Fragments Garments #9 – Material Sourcing & Sampling Tests
Sustainable Fabric Sourcing
For each of my projects, I usually source fabrics locally. As my main partners were in Alcoi, I decided to scout fabric suppliers in Spain. I had the chance to get help from Blanca Gomara from B2Fabric which is a specialist in sustainable fabrics based in Madrid.
The first fabrics which caught my attention were two recycled blended wool with synthetics and a food-waste based leather-like material called Pinatex. Both were working well with laser-cut and micro-nebulization processes but unfortunately, the recycled wool existed only in dark colors so we could not dye them on-demand as we wished. As those two materials were produced in the UK and in Italy, I decided to expand my fabric sourcing to European suppliers.
Parisian Hunt for End-of-Collection Rolls
As it was difficult to find adapted fabrics combining properties needed for being used with the laser-cut machine and the micro-nebulization processes in Spain, I went back to my usual French fabric suppliers. In Paris, we enjoy a vivid resale market for end-of-collection rolls of luxury houses fabrics, which allow us to buy high-quality products destined to be wasted for an interesting price.
I ended selecting eight different materials:
- 1 indigo-dyed blended denim with synthetic
- 2 uncolored types of wool (one thick, one thin)
- 3 different kind of Pinatex (an undyed one, a mineral shiny pearl finish, and metallic gold)
- 2 already dyed types of wool (a thin dark purple and a thick blue-green one)
- Evaluation of g/m2 of fabrics I bought from resellers for which we did not have the technical sheet.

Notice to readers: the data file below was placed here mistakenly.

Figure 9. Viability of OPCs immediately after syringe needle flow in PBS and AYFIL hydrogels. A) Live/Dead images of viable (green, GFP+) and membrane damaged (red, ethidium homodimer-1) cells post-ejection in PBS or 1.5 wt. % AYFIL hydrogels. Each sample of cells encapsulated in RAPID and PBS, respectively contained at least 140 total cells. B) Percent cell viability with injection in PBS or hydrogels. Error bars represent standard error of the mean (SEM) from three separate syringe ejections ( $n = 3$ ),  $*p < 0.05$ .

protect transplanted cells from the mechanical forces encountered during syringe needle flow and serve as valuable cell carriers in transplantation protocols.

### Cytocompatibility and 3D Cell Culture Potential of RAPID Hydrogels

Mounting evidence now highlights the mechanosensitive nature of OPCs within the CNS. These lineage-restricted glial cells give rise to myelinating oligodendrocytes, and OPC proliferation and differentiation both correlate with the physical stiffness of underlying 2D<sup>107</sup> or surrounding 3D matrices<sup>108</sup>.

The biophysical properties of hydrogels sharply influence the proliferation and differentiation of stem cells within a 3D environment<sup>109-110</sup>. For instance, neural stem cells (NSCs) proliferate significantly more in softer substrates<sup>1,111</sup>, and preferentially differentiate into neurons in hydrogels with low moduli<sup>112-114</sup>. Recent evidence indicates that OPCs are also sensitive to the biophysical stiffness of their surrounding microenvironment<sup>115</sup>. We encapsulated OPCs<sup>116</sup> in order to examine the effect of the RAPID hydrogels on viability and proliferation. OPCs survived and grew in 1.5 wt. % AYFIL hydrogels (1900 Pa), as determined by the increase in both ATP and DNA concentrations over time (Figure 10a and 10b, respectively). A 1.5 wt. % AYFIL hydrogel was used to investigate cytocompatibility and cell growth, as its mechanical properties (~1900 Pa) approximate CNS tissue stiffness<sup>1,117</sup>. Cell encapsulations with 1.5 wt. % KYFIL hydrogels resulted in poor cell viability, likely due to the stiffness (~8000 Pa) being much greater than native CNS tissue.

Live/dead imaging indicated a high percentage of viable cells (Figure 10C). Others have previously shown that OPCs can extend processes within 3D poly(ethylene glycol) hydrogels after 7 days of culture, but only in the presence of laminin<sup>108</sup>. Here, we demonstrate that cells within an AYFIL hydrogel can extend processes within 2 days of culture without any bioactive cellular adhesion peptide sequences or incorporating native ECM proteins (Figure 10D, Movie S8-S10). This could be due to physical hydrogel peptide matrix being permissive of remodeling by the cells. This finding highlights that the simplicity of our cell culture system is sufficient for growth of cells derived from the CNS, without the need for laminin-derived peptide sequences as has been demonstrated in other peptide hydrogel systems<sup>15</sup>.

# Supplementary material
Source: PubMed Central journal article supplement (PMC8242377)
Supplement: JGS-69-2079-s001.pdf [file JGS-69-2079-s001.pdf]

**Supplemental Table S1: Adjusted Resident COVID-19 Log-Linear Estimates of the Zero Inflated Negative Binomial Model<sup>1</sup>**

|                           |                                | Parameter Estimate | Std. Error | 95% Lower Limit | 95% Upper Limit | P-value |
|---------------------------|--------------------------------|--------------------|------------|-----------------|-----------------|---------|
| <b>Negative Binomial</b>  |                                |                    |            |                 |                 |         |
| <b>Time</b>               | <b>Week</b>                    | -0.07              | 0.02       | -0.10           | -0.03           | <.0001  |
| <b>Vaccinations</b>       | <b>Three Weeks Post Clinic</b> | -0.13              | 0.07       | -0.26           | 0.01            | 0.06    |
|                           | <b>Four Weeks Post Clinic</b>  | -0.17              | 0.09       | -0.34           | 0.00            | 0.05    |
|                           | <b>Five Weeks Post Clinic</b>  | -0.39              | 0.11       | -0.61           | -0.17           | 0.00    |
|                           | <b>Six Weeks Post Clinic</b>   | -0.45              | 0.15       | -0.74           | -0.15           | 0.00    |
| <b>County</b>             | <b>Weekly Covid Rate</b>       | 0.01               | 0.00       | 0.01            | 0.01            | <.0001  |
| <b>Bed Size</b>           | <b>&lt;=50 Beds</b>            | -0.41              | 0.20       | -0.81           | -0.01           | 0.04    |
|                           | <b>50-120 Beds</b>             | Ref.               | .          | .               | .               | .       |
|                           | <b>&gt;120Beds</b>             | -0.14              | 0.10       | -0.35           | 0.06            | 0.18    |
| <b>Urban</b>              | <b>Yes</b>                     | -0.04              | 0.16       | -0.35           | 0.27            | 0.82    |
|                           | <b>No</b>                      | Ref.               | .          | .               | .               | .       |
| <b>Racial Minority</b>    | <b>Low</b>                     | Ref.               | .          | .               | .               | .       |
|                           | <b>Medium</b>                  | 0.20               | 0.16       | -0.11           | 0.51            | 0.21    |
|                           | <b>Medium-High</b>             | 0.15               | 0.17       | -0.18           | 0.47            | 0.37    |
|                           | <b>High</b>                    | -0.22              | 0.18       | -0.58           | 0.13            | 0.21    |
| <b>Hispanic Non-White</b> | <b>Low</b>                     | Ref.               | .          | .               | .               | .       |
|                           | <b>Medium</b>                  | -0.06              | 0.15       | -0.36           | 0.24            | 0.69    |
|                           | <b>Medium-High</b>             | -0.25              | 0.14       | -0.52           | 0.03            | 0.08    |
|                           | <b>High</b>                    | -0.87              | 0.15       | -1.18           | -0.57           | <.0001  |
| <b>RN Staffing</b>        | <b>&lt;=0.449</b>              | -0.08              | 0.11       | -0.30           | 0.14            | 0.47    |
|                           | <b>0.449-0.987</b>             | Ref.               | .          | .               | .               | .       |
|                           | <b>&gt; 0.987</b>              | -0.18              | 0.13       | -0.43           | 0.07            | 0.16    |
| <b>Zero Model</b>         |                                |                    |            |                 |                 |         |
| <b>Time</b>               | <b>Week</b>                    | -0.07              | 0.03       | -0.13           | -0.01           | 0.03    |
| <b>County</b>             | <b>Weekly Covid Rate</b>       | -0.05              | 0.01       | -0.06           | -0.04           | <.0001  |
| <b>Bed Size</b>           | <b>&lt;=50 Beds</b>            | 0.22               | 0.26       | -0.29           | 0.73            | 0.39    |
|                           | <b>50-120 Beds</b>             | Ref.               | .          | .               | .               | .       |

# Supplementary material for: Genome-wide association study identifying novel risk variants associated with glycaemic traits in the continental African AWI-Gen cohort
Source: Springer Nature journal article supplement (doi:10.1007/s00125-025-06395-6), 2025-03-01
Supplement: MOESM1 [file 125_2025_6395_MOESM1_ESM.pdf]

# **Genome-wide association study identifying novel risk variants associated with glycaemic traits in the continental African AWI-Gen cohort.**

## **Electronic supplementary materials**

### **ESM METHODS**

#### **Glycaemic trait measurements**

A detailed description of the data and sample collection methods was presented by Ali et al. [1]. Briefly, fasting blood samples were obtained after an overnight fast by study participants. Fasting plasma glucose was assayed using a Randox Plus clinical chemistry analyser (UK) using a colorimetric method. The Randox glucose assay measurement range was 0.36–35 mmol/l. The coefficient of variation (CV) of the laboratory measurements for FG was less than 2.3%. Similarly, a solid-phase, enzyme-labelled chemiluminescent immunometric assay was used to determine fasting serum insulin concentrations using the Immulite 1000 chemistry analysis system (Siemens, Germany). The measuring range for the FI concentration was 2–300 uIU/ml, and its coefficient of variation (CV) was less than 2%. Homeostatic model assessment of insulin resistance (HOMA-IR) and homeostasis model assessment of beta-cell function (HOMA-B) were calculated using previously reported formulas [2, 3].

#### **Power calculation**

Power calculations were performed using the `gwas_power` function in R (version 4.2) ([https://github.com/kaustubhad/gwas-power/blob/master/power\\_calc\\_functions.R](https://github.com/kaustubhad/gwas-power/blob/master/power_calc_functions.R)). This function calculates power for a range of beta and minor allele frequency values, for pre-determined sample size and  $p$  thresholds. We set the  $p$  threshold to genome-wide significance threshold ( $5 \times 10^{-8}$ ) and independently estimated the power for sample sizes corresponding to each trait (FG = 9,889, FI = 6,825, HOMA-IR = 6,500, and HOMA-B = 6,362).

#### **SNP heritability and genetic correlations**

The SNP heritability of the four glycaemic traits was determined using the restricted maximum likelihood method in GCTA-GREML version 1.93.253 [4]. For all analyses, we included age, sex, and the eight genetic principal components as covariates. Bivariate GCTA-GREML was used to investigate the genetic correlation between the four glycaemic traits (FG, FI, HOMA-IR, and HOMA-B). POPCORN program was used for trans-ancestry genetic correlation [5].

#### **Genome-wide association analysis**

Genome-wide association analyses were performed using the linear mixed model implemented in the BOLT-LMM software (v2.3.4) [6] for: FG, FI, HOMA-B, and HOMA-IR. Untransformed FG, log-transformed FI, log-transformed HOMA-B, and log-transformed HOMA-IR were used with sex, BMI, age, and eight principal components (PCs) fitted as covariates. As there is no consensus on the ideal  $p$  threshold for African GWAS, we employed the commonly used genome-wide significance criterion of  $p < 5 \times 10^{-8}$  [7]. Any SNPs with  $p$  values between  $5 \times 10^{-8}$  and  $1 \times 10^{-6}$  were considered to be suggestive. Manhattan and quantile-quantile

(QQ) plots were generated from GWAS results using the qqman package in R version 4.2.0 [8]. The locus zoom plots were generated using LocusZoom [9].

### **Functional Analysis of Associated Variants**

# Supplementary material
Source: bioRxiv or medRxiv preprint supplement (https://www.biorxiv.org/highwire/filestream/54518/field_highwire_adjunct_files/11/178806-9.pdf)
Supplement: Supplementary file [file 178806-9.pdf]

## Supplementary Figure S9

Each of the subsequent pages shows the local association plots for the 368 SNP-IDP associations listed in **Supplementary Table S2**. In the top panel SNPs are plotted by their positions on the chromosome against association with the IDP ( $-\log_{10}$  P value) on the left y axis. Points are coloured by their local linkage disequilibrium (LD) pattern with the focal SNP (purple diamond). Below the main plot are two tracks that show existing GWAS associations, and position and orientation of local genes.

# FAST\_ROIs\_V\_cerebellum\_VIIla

- Laser-cut test on untreated fabric.
- Softening treatment
- Waterproof treatment
- Chemical dyeing
- Natural dyeing with acacia wood powder
- Softening treatment + natural dyeing
- Waterproof treatment + natural dyeing
- Laser-cut test after textile treatment
- Shrinkage percentage calculation post-textile treatment
Of course, the already dyed fabrics (purple, green-blue wools, and the denim) were not tested with chemical and natural dyes.
As we envisaged to use the micro-nebulization process to offer on-demand dyeing for minimal textile, chemicals, and water waste, we needed to know how the dyes and post-treatments were impacting the fabric in term of shrinkage. As the latter can be different on the weft and the warp, both have been calculated.
The waterproof treatment worked well on all fabrics, but tests revealed that it was unnecessary to treat the Pinatex materials as the external surface was already water-repellent.
Dyeing 3D Printed Parts
As explained in the previous post dedicated to 3D printed clothing fasteners, one of our research questions was: “is it possible to dye on-demand not only a customized garment but also the corresponding clothing fasteners”. In order to find answers to such query, we proceeded to dye a sampling test on different transparent 3D printing resin.
As you can notice above, all three 3D printed materials have been dyed with the same quantity and type of color pigments, and the MedFlex resin is the one that works best with such process.